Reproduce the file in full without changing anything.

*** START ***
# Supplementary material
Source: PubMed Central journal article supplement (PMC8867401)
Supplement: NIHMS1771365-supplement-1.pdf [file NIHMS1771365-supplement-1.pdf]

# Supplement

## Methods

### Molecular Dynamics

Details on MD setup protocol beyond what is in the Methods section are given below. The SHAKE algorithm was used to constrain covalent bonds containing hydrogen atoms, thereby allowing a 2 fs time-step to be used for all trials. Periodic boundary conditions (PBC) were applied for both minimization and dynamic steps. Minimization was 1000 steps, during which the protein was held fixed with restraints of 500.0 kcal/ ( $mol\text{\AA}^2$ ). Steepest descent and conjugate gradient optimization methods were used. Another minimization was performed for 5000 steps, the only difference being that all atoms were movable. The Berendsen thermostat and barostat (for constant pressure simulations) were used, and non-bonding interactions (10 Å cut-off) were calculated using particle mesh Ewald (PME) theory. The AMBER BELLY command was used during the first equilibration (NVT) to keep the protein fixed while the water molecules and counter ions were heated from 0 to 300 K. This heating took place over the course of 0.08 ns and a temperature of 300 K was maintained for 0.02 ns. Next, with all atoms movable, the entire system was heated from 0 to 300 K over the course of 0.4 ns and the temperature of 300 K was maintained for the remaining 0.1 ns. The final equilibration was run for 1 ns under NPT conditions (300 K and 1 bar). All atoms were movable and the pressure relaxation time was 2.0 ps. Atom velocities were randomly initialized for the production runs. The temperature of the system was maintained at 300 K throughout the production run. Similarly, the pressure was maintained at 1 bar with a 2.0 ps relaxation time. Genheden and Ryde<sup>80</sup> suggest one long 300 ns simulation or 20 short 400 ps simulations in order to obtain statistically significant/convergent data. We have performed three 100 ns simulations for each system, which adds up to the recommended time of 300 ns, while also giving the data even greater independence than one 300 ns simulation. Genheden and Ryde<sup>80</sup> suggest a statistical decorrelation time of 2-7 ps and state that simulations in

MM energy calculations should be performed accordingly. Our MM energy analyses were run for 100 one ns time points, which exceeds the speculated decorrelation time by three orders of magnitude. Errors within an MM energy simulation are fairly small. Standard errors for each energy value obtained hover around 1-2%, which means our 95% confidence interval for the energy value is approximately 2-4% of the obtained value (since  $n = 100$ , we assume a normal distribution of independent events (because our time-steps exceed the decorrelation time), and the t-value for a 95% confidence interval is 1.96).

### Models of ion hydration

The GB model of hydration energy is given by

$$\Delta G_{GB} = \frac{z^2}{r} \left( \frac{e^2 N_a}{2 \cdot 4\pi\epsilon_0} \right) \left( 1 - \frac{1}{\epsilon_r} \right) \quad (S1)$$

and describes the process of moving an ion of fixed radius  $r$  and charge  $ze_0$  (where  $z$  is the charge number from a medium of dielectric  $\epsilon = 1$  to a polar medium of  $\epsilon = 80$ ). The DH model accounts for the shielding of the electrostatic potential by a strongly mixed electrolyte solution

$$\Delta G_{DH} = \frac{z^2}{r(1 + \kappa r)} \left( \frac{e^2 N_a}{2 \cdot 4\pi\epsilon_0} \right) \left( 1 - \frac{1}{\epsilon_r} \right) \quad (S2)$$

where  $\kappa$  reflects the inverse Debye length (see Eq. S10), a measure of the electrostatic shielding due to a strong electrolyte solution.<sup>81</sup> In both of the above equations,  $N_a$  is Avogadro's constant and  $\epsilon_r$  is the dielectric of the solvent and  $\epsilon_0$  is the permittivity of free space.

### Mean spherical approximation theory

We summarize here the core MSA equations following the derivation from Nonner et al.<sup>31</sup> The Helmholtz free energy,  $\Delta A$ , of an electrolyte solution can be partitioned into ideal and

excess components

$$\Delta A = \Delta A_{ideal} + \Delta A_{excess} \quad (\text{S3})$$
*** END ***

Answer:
# Supplementary material
Source: PubMed Central journal article supplement (PMC8867401)
Supplement: NIHMS1771365-supplement-1.pdf [file NIHMS1771365-supplement-1.pdf]

# Supplement

## Methods

### Molecular Dynamics

Details on MD setup protocol beyond what is in the Methods section are given below. The SHAKE algorithm was used to constrain covalent bonds containing hydrogen atoms, thereby allowing a 2 fs time-step to be used for all trials. Periodic boundary conditions (PBC) were applied for both minimization and dynamic steps. Minimization was 1000 steps, during which the protein was held fixed with restraints of 500.0 kcal/ ( $mol\text{\AA}^2$ ). Steepest descent and conjugate gradient optimization methods were used. Another minimization was performed for 5000 steps, the only difference being that all atoms were movable. The Berendsen thermostat and barostat (for constant pressure simulations) were used, and non-bonding interactions (10 Å cut-off) were calculated using particle mesh Ewald (PME) theory. The AMBER BELLY command was used during the first equilibration (NVT) to keep the protein fixed while the water molecules and counter ions were heated from 0 to 300 K. This heating took place over the course of 0.08 ns and a temperature of 300 K was maintained for 0.02 ns. Next, with all atoms movable, the entire system was heated from 0 to 300 K over the course of 0.4 ns and the temperature of 300 K was maintained for the remaining 0.1 ns. The final equilibration was run for 1 ns under NPT conditions (300 K and 1 bar). All atoms were movable and the pressure relaxation time was 2.0 ps. Atom velocities were randomly initialized for the production runs. The temperature of the system was maintained at 300 K throughout the production run. Similarly, the pressure was maintained at 1 bar with a 2.0 ps relaxation time. Genheden and Ryde<sup>80</sup> suggest one long 300 ns simulation or 20 short 400 ps simulations in order to obtain statistically significant/convergent data. We have performed three 100 ns simulations for each system, which adds up to the recommended time of 300 ns, while also giving the data even greater independence than one 300 ns simulation. Genheden and Ryde<sup>80</sup> suggest a statistical decorrelation time of 2-7 ps and state that simulations in

MM energy calculations should be performed accordingly. Our MM energy analyses were run for 100 one ns time points, which exceeds the speculated decorrelation time by three orders of magnitude. Errors within an MM energy simulation are fairly small. Standard errors for each energy value obtained hover around 1-2%, which means our 95% confidence interval for the energy value is approximately 2-4% of the obtained value (since  $n = 100$ , we assume a normal distribution of independent events (because our time-steps exceed the decorrelation time), and the t-value for a 95% confidence interval is 1.96).

### Models of ion hydration

The GB model of hydration energy is given by

$$\Delta G_{GB} = \frac{z^2}{r} \left( \frac{e^2 N_a}{2 \cdot 4\pi\epsilon_0} \right) \left( 1 - \frac{1}{\epsilon_r} \right) \quad (S1)$$

and describes the process of moving an ion of fixed radius  $r$  and charge  $ze_0$  (where  $z$  is the charge number from a medium of dielectric  $\epsilon = 1$  to a polar medium of  $\epsilon = 80$ ). The DH model accounts for the shielding of the electrostatic potential by a strongly mixed electrolyte solution

$$\Delta G_{DH} = \frac{z^2}{r(1 + \kappa r)} \left( \frac{e^2 N_a}{2 \cdot 4\pi\epsilon_0} \right) \left( 1 - \frac{1}{\epsilon_r} \right) \quad (S2)$$

where  $\kappa$  reflects the inverse Debye length (see Eq. S10), a measure of the electrostatic shielding due to a strong electrolyte solution.<sup>81</sup> In both of the above equations,  $N_a$  is Avogadro's constant and  $\epsilon_r$  is the dielectric of the solvent and  $\epsilon_0$  is the permittivity of free space.

### Mean spherical approximation theory

We summarize here the core MSA equations following the derivation from Nonner et al.<sup>31</sup> The Helmholtz free energy,  $\Delta A$ , of an electrolyte solution can be partitioned into ideal and

excess components

$$\Delta A = \Delta A_{ideal} + \Delta A_{excess} \quad (\text{S3})$$